June 12 2010 by Ellen Roseman
Since I did my Toronto Star column today, I’ve heard from many people who were penalized for TFSA over-contributions or transfers. They’re also leaving comments at the Star’s website.
Here are some further points I want to make after reading their stories and reflecting on what has happened:
* The tax-free savings “account” should have been called a tax-free savings “plan”. People had the impression that they could use the TFSA in the same way as a bank account.
* Financial institutions didn’t do enough to warn customers about the risk of tax penalties if they withdrew money from a TFSA and replaced it in the same year.
* The Canada Revenue Agency explained the rules at its website, but many people didn’t do any double-checking. They relied on their financial institutions for information.
* The message that TFSA contributions couldn’t exceed $5,000 a year was clearly communicated. But the equally important message about the danger of moving money freely in and out of the account got lost.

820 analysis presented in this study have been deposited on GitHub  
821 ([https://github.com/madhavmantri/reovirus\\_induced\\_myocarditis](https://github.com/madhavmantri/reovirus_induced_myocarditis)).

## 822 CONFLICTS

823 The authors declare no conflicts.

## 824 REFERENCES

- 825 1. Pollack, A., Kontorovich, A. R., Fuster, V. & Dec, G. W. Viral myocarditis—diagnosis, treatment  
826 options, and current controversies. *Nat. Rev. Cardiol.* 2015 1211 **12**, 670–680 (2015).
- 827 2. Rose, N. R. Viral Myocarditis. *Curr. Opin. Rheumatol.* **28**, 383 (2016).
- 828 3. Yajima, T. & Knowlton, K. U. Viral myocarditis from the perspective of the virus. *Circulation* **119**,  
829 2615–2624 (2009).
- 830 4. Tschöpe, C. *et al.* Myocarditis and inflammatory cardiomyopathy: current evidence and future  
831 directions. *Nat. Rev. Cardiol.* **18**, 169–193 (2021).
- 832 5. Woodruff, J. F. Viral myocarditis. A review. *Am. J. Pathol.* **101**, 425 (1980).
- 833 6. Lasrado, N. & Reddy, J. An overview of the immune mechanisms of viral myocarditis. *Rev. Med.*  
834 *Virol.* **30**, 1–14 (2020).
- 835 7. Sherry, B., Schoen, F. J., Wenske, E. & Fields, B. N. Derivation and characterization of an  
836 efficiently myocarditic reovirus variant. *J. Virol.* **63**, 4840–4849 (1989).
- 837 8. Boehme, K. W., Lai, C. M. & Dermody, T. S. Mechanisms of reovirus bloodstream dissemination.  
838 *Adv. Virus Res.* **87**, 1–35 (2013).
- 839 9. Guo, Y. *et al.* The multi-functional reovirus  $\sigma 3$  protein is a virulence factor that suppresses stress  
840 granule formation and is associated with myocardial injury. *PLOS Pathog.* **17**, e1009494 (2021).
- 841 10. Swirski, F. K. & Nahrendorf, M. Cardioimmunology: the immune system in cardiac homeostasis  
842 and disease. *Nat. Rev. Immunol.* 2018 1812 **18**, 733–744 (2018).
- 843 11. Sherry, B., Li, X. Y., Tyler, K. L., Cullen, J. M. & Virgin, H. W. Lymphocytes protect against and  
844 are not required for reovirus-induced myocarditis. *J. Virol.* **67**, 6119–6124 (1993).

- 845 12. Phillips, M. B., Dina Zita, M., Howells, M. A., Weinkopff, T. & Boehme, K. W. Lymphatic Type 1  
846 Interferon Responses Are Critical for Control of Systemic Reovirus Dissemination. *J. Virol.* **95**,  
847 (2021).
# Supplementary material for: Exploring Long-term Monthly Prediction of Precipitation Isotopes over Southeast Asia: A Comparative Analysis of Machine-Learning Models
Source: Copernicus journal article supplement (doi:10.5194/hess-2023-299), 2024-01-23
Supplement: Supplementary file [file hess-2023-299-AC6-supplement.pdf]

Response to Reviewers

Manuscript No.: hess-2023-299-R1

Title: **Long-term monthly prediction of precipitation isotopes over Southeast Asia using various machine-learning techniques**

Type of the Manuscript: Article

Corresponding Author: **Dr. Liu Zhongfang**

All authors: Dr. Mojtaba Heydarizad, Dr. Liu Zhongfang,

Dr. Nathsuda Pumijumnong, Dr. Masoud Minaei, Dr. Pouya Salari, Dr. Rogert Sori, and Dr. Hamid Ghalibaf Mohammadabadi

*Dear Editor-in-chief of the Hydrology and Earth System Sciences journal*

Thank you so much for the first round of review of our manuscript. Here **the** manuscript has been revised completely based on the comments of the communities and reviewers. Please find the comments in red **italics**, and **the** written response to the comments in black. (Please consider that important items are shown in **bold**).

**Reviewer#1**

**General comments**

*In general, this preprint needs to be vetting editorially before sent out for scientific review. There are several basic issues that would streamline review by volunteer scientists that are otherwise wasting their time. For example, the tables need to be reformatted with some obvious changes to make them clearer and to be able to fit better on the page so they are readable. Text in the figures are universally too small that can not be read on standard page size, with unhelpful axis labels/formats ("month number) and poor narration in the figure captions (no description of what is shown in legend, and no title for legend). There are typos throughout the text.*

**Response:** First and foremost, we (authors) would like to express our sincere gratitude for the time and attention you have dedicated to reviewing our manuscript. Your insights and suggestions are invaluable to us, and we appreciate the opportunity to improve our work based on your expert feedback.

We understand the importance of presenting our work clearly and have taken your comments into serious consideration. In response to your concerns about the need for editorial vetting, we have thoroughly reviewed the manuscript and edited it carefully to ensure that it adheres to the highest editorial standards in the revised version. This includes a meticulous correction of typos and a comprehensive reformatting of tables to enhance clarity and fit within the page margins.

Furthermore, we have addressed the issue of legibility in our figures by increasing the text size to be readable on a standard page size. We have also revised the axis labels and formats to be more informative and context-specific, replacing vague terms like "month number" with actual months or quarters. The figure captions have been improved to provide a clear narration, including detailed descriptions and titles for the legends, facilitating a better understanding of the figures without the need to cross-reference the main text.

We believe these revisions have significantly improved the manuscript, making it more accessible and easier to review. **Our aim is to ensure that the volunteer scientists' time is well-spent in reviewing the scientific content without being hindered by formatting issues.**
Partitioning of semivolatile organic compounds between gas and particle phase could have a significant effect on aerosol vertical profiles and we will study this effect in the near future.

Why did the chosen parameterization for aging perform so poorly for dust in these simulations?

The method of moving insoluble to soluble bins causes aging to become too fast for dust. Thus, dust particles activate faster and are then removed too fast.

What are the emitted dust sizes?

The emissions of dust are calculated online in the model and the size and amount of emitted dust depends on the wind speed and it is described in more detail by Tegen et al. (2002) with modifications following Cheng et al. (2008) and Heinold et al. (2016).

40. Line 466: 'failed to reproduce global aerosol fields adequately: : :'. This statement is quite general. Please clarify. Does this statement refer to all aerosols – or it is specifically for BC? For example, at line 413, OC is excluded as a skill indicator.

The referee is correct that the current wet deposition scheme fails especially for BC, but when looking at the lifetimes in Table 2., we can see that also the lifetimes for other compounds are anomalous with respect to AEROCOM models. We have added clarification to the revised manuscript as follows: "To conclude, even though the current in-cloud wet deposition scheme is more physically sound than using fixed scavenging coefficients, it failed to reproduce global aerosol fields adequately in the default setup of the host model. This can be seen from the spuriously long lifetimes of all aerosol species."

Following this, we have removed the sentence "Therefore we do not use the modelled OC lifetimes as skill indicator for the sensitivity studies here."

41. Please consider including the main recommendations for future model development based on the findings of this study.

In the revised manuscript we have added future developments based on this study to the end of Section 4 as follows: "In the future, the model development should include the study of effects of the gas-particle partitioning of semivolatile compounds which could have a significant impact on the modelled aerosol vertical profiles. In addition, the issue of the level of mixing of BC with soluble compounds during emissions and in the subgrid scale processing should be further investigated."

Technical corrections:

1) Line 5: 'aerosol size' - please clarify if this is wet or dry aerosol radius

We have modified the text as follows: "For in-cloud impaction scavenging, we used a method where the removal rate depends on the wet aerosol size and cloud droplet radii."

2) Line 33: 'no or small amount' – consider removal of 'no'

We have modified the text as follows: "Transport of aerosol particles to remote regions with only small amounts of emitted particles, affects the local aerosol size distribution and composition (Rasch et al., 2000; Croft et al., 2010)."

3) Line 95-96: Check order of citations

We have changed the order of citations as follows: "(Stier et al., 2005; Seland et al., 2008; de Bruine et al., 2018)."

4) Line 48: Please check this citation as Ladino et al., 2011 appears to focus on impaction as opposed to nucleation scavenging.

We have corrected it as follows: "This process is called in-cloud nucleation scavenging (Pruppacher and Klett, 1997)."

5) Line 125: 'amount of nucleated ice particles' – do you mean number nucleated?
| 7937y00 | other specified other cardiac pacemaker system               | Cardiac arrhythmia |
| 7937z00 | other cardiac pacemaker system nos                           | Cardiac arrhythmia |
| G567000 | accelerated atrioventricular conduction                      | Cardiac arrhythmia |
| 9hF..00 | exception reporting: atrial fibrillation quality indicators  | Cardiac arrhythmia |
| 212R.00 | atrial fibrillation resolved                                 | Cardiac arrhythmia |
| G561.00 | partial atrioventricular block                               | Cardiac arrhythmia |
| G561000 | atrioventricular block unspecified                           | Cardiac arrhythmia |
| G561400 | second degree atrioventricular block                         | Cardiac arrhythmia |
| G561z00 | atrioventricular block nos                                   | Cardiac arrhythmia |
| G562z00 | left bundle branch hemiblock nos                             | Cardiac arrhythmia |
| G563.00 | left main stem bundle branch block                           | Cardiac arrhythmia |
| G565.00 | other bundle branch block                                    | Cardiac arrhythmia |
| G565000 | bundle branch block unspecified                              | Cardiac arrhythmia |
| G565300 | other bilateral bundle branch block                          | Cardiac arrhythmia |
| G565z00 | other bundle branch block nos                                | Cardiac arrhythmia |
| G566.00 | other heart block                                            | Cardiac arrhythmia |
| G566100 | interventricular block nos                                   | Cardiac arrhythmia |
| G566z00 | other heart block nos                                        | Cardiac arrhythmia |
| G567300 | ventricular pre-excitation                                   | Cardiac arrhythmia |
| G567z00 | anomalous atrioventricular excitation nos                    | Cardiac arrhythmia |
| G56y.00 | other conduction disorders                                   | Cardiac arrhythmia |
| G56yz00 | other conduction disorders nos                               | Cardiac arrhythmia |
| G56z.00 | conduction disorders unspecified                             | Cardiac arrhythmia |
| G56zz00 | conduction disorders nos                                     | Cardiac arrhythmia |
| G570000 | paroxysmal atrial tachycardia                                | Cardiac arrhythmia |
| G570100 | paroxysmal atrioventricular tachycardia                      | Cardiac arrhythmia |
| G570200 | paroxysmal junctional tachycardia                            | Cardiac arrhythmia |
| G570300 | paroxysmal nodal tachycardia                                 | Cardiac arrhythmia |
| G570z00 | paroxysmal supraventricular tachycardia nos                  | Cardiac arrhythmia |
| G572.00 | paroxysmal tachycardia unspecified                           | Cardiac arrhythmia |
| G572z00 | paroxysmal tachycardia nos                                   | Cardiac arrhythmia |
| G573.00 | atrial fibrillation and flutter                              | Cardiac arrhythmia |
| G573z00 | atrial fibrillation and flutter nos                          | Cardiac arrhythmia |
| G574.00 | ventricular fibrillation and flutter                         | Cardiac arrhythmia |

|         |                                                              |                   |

* Thousands of people made mistakes that resulted in tax penalties far greater than their tax savings. It’s clear the system failed, not the individuals who used it.
* The minority government has an embarrassing tax fiasco on its hands. A public protest could bring some results.
* Fairness dictates treating unintentional errors with leniency in the first year that a tax shelter is introduced.
So, what can we learn from this public policy snafu? I have three ideas.
One, people pay close attention when they’re engaged in a transaction or thinking about doing a transaction. “Just-in-time delivery” is far more effective than explanations given well before there’s an intention to act.
Two, the financial institutions don’t know enough about the TFSA rules to educate customers. They should be required to hand out a one-page warning document to anyone opening a new account or making contributions to an existing account.
Three, transfers of TFSAs should not attract penalties (unless they’re part of a tax avoidance scheme). Yet many people are getting penalized for transferring TFSAs. It’s clear that financial institutions are making errors, but the burden of correction lies on their customers. That’s not fair.
Financial literacy is a hot topic these days. I hope Finance Minister Jim Flaherty and his financial literacy task force can use this foul-up as a case study of what NOT to do in communicating key messages.
Finally, I’m teaching a free course in financial literacy at Ryerson University on Tuesday, June 22, from 5.30 to 9.30 p.m. Please pass along the message to anyone who might be interested.
The workshop is co-sponsored by the Financial Consumer Agency of Canada and the Investor Education Fund. Here’s a link.